Play Live Radio
Next Up:
0:00 0:00
Available On Air Stations
Supported by

Will Nevada Abolish The Death Penalty?

This Nov. 10, 2016 file photo released by the Nevada Department of Corrections shows the newly completed execution chamber at Ely State Prison in Ely, Nev.
Associated Press

This Nov. 10, 2016 file photo released by the Nevada Department of Corrections shows the newly completed execution chamber at Ely State Prison in Ely, Nev.

The Nevada Assembly, which is controlled by Democrats, passed a ban on the death penalty early this month. 

Sponsor of the bill, Assemblyman Steve Yeager, told KNPR's State of Nevada that his eight years in the public defenders' office gave him insight into why capital punishment needs to be eliminated.

“What I saw at the public defenders’ office was a broken system,” he said.

He said trying death penalty cases takes up a lot of time and money. He said just seeking the death penalty costs a lot more than seeking life in prison without the possibility of parole.

In addition, he said because the aggravators that can be considered when deciding whether to seek the death penalty are so broad that just about every murder case can qualify.

“When you look at the way our laws are written and the number of aggravators and the number of circumstances in which you can seek the death penalty, I think it is pretty easy to agree that the language is way too broad and it captures way more than the worst of the worst,” he said.

Plus, no one is being executed because of a lack of drugs. Drugmakers are not selling the drugs used to execute to states, and courts have ruled in their favor.

“I think what happened the last couple of years where the state was going to try an execution and couldn’t do it," Yeager said, "I think that really shed light on how broken it is.”

Gov. Steve Sisolak recently said he is opposed to the death penalty, except in "extreme cases."  

Yeager said he would like to see the death penalty abolished completely in the state, but he is willing to hear amendments to his bill.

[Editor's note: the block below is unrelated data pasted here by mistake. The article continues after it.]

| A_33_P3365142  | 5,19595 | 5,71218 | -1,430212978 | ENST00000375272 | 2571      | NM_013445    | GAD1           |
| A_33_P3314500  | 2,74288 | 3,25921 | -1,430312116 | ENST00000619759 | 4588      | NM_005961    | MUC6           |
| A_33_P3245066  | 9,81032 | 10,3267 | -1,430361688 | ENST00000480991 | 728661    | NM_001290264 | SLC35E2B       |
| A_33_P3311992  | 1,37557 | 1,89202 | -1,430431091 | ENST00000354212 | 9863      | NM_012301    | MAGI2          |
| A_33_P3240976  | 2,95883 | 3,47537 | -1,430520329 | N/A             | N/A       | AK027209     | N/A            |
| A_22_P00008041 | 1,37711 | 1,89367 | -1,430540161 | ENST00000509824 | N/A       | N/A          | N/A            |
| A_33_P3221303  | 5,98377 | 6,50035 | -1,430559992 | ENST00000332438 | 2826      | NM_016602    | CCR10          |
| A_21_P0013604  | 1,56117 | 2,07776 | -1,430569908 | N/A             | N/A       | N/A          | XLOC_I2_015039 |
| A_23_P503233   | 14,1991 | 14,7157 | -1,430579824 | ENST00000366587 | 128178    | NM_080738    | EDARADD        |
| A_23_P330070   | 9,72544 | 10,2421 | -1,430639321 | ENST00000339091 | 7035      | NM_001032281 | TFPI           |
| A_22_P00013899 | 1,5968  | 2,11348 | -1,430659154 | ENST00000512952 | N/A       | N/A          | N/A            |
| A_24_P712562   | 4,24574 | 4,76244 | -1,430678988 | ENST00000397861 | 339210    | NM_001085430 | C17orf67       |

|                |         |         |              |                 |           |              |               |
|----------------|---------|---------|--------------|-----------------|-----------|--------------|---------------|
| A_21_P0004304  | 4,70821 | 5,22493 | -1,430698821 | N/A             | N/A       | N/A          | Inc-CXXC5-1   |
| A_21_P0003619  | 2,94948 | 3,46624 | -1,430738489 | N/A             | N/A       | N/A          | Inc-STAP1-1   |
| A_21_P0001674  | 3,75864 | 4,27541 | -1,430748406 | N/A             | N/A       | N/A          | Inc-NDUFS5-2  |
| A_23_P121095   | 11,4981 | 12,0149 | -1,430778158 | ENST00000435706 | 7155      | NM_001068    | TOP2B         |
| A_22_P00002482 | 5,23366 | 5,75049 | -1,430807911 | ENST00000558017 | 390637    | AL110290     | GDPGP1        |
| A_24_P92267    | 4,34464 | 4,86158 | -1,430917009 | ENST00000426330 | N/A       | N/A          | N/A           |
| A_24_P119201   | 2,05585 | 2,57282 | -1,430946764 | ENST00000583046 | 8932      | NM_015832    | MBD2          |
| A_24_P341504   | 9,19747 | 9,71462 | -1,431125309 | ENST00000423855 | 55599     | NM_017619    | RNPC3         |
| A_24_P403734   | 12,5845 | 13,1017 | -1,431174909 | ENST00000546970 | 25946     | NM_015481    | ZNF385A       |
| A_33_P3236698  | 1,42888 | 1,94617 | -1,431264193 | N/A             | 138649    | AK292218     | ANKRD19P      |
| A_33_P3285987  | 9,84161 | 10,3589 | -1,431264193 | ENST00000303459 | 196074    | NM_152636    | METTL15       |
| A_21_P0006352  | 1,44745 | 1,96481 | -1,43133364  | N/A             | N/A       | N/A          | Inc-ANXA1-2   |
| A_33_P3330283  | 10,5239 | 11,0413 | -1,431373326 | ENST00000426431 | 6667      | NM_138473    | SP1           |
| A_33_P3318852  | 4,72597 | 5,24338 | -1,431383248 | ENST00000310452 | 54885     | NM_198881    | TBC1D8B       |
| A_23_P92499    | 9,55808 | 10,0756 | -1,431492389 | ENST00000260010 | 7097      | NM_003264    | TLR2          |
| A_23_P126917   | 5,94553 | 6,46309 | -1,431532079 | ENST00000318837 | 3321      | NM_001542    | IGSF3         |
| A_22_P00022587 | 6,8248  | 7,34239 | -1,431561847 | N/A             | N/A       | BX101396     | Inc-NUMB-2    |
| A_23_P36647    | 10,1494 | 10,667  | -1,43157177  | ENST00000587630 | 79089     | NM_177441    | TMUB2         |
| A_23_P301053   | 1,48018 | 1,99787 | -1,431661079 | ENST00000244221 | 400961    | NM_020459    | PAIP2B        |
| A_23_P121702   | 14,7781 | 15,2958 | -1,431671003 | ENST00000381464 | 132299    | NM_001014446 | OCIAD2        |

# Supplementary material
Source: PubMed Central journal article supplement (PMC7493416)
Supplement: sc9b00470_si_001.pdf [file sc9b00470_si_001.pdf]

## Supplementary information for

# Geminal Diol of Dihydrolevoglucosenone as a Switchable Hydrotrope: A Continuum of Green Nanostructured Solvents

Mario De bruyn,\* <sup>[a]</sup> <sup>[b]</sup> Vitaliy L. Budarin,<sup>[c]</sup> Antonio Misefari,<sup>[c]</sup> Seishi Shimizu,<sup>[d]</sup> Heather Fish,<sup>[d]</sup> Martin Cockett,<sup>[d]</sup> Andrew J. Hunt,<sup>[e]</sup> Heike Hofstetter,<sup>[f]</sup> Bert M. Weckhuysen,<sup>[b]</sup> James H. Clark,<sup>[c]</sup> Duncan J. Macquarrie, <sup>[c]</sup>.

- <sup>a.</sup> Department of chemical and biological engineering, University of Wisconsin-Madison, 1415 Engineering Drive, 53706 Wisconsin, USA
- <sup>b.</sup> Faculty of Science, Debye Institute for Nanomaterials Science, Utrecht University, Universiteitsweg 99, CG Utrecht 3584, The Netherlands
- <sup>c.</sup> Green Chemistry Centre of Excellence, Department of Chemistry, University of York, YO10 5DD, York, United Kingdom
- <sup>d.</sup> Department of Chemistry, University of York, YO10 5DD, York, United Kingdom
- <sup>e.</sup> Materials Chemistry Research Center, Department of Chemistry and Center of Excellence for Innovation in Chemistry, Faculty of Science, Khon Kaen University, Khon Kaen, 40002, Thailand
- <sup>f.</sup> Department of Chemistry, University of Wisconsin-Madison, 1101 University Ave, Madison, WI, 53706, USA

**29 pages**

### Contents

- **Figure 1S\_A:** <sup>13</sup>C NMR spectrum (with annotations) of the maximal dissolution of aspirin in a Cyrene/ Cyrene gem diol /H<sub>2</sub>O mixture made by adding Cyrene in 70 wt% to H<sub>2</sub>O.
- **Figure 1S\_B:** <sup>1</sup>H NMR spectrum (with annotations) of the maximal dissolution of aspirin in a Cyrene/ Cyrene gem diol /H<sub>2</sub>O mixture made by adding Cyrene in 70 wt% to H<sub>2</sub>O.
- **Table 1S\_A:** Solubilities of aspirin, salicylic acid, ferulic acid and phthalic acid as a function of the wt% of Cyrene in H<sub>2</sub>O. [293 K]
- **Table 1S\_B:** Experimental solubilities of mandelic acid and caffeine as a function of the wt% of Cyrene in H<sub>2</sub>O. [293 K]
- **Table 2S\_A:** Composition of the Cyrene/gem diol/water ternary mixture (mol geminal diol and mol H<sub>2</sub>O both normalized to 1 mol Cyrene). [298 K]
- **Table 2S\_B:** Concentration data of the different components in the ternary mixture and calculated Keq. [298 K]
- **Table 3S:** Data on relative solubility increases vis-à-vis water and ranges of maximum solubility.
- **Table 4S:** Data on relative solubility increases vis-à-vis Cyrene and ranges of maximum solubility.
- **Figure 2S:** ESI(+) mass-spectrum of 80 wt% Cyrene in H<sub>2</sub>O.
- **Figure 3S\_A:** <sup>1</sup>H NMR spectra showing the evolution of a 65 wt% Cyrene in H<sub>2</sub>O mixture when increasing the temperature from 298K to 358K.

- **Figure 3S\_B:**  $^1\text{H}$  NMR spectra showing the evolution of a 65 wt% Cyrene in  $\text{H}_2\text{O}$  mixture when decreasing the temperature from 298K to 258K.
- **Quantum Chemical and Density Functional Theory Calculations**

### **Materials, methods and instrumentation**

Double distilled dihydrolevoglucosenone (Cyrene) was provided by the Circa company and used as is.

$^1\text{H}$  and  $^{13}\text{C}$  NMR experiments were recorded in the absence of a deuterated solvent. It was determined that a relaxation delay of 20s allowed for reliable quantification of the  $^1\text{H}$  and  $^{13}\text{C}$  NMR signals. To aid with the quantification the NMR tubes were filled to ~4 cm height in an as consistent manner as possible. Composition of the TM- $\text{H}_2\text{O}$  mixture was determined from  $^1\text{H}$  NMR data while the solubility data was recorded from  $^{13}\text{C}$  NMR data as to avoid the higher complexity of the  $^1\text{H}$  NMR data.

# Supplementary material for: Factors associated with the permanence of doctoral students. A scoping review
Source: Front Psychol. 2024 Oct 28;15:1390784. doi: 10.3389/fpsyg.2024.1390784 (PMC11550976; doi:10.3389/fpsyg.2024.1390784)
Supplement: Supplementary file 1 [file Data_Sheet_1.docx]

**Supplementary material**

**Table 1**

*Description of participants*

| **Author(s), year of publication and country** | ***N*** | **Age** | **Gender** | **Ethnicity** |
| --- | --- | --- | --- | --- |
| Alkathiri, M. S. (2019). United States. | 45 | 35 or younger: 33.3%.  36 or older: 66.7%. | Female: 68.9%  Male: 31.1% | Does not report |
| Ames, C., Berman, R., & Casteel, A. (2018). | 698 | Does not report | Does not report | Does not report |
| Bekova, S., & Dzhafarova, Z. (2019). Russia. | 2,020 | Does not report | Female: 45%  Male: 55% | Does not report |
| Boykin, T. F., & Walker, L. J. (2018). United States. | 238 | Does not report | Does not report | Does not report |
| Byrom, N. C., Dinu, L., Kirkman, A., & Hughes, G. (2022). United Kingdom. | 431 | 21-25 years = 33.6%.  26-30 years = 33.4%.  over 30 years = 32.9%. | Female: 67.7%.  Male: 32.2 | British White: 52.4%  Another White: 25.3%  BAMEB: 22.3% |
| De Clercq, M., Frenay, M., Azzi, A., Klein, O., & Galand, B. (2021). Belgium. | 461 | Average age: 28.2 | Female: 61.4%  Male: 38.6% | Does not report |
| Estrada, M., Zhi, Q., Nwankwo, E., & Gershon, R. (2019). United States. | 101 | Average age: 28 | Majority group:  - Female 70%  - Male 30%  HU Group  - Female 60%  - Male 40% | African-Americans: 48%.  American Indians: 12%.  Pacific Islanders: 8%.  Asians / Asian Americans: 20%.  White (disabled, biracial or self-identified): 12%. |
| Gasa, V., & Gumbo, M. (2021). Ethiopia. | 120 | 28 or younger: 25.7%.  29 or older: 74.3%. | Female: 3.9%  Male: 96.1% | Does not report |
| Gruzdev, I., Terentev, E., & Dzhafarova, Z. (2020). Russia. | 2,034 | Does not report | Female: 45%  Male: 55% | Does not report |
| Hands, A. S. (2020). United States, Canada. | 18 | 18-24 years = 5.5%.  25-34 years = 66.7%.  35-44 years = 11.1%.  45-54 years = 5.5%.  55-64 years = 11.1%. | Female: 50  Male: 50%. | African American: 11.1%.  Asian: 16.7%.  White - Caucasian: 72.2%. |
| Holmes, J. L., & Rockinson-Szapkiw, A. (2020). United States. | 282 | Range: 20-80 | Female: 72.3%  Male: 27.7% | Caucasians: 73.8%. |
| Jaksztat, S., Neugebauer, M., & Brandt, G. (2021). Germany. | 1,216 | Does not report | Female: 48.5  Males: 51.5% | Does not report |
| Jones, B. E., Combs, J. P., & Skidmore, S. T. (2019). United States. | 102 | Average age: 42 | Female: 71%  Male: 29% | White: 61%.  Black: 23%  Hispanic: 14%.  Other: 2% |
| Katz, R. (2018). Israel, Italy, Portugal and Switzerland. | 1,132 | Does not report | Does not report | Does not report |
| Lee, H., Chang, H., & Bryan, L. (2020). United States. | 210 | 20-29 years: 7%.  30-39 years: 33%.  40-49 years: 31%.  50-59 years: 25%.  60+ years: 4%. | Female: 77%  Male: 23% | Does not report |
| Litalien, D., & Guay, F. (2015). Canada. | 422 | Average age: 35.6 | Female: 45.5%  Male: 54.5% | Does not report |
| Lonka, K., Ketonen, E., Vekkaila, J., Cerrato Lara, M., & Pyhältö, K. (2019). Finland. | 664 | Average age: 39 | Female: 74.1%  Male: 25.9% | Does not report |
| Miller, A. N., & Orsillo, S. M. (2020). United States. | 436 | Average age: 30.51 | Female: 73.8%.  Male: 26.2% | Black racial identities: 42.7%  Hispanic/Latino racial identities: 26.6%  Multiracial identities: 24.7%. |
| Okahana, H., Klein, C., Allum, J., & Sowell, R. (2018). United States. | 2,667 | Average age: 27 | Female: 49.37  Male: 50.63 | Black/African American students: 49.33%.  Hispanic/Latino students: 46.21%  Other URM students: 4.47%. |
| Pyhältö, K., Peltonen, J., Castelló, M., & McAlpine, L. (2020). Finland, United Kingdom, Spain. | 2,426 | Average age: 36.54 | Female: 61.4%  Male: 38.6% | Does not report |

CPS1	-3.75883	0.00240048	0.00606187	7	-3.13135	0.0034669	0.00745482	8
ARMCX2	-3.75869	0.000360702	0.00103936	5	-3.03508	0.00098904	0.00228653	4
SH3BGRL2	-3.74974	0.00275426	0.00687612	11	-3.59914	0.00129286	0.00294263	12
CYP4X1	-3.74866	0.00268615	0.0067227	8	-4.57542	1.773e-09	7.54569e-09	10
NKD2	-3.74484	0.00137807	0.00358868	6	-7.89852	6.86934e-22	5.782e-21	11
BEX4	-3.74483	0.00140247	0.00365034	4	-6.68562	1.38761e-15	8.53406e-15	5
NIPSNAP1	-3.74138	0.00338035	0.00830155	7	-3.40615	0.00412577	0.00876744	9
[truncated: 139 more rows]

Supporters of the death penalty often say that it is really the only way justice can be served in some murder cases. Yeager said his heart goes out to the families of murder victims, and he believes their perspective is valid.

However, not every family agrees that the death penalty is the best way to serve justice. Instead, Yeager said lawmakers need to focus on policy, not emotion.

“The role for the Legislature is to try to divorce ourselves a little bit from that emotion and think about policy-wise is this the best course for the state of Nevada?” he said.

Yeager said if you look at the issue of the death penalty rationally there are very few arguments for it and none of them stand up to scrutiny.

"Whether it's moral arguments, whether it's effectiveness, whether it's deterrence, whether it's cost - it fails on all those grounds," he said.

Assemblyman P.K. O'Neill disagreed. He believes there is an argument for keeping the death penalty. 

“For the protection of our community, I feel that it is an appropriate action,” he said.

O'Neill is a former police officer, who worked in violent crime. 

“I have seen the victims. I’ve had to be involved with the victims. I’ve interviewed the offenders and been face to face with some of these,” he said.

He said the death penalty is not being used for people who have murdered one person, but for people that he says take pleasure in taking a life.

Plus, O'Neill says people sentenced to life in prison without the possibility of parole can petition to get their sentences changed.

“Saying that they’re going to be in there for life, I have seen the system time and time again reduce penalties because they had done something and I just get back to ‘for the protection of the community.’ Appropriately utilized, it is a necessary part of protection,” he said.

He argues that those trying to abolish the death penalty because they say the system is broken instead need to fix the system.

“Look at how we can ensure that it is appropriately utilized, across the board,” O'Neill said.

As far as the problem with getting the drugs used to execute someone, O'Neill believes Nevada should look to other states.

“Other states have been able to develop workarounds including the federal government on the drugs. I think that is more political pressure being put on various drug companies not to allow the sale of drugs than on legitimate issues,” he said. 

Twenty-three states have eliminated the death penalty, including Virginia, Colorado and New Hampshire. 

Assemblyman Steve Yeager, D-Las Vegas; Assemblyman P.K. O'Neill, R-Carson City 

Stay Connected
Joe Schoenmann joined Nevada Public Radio in 2014. He works with a talented team of producers at State of Nevada who explore the casino industry, sports, politics, public health and everything in between.